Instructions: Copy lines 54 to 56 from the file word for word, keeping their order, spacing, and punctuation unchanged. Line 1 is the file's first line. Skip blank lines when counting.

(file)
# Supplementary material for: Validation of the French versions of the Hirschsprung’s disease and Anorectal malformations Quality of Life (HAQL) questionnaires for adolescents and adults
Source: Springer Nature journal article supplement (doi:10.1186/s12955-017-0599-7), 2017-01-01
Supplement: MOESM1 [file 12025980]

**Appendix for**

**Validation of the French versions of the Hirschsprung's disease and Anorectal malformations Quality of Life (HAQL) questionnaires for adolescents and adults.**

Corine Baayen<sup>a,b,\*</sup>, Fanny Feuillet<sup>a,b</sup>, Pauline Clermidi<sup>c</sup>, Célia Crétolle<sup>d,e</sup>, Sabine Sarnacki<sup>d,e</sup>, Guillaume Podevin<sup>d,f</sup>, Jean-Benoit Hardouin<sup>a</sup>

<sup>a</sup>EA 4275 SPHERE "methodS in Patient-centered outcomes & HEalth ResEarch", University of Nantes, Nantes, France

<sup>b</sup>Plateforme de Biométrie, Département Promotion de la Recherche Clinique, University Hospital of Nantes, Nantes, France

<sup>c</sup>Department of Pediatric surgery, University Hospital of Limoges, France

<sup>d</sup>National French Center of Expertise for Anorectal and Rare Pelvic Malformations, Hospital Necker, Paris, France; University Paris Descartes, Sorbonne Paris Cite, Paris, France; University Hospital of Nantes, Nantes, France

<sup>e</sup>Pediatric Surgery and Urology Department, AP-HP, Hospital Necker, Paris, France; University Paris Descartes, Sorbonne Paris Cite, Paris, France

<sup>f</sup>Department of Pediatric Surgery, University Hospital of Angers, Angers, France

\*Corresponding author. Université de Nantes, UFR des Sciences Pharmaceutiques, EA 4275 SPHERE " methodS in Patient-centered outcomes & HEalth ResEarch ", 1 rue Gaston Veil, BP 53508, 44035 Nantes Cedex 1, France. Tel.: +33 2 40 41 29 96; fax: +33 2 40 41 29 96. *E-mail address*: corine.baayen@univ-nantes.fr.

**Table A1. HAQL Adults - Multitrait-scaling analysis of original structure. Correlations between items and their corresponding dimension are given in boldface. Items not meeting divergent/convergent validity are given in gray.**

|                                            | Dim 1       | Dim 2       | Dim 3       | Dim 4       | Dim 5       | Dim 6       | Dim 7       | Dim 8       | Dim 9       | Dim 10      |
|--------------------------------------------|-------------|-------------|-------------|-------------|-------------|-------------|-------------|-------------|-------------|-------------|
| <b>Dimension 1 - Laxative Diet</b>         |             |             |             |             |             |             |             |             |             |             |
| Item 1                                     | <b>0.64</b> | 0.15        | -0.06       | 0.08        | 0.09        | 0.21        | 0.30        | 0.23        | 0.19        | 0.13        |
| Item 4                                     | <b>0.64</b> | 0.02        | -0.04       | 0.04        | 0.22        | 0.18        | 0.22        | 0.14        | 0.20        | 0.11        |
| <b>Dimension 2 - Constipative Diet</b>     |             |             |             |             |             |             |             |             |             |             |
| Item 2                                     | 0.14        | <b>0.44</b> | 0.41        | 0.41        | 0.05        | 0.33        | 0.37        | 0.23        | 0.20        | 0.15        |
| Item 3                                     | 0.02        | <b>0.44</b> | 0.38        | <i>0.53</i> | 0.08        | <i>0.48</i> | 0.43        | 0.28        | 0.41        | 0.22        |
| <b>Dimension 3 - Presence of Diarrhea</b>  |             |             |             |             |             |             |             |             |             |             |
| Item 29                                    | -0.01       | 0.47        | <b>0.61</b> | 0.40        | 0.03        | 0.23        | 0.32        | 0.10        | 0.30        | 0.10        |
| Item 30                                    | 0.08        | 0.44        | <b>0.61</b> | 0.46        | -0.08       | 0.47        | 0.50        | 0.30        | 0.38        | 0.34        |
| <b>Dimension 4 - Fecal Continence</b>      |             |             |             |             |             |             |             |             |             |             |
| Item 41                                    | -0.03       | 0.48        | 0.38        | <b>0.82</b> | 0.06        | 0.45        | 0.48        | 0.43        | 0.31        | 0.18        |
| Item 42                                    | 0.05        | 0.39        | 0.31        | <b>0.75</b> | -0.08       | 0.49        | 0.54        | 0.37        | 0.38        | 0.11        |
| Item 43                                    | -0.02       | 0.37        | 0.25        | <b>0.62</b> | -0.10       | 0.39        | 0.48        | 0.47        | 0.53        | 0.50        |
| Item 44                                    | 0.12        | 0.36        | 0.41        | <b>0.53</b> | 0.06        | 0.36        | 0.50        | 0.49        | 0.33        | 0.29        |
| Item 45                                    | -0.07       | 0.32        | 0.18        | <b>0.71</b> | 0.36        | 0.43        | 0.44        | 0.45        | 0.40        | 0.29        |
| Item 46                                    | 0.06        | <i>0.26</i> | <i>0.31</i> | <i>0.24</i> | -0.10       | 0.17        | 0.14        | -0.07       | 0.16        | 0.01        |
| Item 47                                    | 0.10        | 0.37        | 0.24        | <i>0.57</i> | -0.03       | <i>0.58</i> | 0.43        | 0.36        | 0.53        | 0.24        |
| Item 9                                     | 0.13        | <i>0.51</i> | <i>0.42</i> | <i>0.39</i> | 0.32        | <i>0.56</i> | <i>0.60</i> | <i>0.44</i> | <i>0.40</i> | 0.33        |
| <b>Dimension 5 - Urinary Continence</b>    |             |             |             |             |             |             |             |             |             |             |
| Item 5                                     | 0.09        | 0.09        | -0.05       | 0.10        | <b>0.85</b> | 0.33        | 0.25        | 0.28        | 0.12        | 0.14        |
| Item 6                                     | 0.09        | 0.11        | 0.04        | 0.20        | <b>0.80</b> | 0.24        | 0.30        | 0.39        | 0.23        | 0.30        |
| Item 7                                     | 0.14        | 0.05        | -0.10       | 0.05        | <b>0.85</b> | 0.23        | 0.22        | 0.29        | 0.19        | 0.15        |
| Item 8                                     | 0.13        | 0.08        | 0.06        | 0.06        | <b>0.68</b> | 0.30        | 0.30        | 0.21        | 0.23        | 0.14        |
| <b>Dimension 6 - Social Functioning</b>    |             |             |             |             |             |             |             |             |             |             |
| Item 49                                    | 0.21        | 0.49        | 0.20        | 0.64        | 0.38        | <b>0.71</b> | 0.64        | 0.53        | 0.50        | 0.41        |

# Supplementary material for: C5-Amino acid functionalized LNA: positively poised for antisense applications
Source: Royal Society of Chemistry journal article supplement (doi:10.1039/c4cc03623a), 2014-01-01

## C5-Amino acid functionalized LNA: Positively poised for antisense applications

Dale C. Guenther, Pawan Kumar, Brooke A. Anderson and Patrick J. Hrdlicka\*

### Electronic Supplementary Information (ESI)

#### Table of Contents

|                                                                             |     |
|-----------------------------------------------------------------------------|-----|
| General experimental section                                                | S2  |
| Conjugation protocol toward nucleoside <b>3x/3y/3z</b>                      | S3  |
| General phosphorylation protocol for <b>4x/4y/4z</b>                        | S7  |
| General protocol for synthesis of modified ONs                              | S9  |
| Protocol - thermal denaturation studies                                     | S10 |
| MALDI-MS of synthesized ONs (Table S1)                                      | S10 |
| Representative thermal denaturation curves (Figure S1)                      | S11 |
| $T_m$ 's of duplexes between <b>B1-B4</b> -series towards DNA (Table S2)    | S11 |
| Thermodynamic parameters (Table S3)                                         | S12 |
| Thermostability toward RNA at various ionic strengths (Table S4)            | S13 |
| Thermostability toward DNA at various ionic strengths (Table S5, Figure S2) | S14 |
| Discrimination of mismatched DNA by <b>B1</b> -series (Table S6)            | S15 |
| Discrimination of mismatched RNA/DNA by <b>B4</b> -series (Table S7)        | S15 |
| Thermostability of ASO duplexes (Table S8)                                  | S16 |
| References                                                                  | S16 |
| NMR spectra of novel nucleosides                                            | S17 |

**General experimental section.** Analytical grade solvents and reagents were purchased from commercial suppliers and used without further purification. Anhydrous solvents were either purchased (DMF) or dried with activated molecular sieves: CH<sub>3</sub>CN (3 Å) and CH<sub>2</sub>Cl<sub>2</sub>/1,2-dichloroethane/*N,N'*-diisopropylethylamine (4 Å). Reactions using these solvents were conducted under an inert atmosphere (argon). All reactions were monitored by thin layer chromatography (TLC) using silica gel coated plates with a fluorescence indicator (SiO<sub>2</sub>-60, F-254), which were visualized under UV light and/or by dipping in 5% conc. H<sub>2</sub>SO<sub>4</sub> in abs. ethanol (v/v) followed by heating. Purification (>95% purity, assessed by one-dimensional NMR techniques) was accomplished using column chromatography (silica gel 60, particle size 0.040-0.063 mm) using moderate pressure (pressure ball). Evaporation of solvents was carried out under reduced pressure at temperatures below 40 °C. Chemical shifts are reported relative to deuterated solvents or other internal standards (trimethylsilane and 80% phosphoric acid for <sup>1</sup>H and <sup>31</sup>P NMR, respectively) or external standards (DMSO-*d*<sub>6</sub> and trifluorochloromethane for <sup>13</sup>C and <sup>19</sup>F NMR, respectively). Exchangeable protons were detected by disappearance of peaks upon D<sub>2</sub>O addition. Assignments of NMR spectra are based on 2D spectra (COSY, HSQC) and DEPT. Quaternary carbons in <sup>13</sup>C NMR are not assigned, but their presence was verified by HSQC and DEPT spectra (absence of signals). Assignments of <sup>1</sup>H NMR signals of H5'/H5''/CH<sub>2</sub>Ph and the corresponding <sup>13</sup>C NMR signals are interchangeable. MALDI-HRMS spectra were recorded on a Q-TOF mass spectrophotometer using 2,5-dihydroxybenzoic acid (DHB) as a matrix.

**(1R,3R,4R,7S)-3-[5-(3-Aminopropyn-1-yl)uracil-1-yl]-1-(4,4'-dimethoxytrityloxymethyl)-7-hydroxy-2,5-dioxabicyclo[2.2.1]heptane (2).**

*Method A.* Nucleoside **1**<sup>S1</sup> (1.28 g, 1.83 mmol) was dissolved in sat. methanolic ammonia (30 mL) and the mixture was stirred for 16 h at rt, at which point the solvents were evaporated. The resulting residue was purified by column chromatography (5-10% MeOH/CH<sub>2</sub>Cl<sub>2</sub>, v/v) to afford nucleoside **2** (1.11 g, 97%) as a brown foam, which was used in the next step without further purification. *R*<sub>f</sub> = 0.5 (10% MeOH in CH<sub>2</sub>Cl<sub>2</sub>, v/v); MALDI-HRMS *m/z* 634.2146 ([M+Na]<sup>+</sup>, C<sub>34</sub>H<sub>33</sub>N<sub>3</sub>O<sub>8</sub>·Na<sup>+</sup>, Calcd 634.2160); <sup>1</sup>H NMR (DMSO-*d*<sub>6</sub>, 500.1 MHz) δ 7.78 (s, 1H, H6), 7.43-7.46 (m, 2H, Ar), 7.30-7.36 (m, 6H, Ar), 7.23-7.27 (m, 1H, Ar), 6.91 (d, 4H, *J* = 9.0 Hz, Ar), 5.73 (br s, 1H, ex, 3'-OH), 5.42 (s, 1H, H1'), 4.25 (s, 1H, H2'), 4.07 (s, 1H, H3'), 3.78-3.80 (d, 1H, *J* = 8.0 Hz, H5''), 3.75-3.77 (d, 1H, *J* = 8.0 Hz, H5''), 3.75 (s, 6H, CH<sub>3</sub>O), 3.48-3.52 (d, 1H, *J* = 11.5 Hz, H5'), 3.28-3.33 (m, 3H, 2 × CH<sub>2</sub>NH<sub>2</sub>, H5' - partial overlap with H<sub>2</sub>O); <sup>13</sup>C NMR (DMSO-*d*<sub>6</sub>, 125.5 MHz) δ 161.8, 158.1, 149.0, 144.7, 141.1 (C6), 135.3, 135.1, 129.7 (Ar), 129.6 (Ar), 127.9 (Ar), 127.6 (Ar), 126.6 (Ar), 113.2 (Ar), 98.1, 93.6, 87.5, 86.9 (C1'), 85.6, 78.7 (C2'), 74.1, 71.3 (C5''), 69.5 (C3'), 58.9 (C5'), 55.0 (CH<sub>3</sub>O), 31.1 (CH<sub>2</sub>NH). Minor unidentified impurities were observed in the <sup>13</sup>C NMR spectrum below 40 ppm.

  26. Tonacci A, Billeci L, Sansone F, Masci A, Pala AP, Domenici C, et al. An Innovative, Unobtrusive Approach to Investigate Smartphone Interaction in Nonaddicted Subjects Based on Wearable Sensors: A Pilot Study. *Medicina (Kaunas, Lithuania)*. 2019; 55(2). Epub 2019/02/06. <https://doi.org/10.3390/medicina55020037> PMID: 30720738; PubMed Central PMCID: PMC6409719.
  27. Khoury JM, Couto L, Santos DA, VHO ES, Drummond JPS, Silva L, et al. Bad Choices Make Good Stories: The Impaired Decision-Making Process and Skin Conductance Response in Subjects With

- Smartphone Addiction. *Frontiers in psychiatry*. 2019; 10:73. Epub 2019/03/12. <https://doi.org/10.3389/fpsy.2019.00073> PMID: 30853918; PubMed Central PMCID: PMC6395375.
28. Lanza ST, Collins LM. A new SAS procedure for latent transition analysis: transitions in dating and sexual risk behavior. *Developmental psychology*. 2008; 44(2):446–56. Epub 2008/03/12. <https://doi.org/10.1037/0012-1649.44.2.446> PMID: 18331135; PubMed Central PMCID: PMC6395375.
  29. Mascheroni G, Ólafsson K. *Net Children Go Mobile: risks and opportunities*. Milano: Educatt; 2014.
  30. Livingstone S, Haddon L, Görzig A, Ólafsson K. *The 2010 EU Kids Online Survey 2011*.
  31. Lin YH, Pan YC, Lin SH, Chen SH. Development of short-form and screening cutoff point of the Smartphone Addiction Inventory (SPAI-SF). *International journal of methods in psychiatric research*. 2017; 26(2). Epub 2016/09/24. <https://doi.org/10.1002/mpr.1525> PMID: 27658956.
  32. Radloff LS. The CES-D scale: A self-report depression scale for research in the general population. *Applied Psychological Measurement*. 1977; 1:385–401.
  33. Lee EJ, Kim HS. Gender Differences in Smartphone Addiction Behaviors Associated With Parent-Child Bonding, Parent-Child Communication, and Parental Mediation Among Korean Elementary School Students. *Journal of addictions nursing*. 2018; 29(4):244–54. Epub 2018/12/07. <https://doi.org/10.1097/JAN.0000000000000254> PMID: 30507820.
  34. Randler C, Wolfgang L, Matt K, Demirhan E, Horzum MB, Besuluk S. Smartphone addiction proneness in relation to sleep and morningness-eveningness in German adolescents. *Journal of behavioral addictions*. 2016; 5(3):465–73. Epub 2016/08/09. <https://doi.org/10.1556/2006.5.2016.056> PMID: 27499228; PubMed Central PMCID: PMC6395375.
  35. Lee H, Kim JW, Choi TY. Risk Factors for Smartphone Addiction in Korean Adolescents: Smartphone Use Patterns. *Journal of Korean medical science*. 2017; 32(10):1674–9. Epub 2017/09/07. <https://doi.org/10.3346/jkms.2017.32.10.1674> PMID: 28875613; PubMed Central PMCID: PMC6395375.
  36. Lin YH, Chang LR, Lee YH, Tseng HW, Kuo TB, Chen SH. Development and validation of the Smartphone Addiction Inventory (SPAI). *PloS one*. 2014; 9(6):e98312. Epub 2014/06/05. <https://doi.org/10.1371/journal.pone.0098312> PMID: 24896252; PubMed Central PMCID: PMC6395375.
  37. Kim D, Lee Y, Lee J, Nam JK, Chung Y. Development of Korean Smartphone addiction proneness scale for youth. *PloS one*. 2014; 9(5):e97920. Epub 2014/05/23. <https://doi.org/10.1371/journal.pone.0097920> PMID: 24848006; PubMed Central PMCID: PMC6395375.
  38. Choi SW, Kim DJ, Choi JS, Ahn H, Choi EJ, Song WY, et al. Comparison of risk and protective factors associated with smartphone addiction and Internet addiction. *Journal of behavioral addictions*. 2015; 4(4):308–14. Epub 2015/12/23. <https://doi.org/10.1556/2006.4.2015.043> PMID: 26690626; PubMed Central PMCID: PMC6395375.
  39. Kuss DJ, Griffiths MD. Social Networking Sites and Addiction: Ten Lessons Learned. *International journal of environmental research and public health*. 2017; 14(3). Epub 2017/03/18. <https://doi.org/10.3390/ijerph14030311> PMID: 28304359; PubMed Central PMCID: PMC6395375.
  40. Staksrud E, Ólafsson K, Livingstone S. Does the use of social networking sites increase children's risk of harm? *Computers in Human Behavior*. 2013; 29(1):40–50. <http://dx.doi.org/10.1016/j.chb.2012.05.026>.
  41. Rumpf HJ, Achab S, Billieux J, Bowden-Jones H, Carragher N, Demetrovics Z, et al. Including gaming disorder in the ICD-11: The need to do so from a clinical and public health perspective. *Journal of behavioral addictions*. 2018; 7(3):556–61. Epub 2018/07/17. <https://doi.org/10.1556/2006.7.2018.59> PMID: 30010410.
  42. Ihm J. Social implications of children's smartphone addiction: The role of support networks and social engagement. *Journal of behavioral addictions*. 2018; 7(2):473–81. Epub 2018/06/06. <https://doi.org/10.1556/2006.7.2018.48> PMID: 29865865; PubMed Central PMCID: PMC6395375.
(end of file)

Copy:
| Protocol - thermal denaturation studies                                     | S10 |
| MALDI-MS of synthesized ONs (Table S1)                                      | S10 |
| Representative thermal denaturation curves (Figure S1)                      | S11 |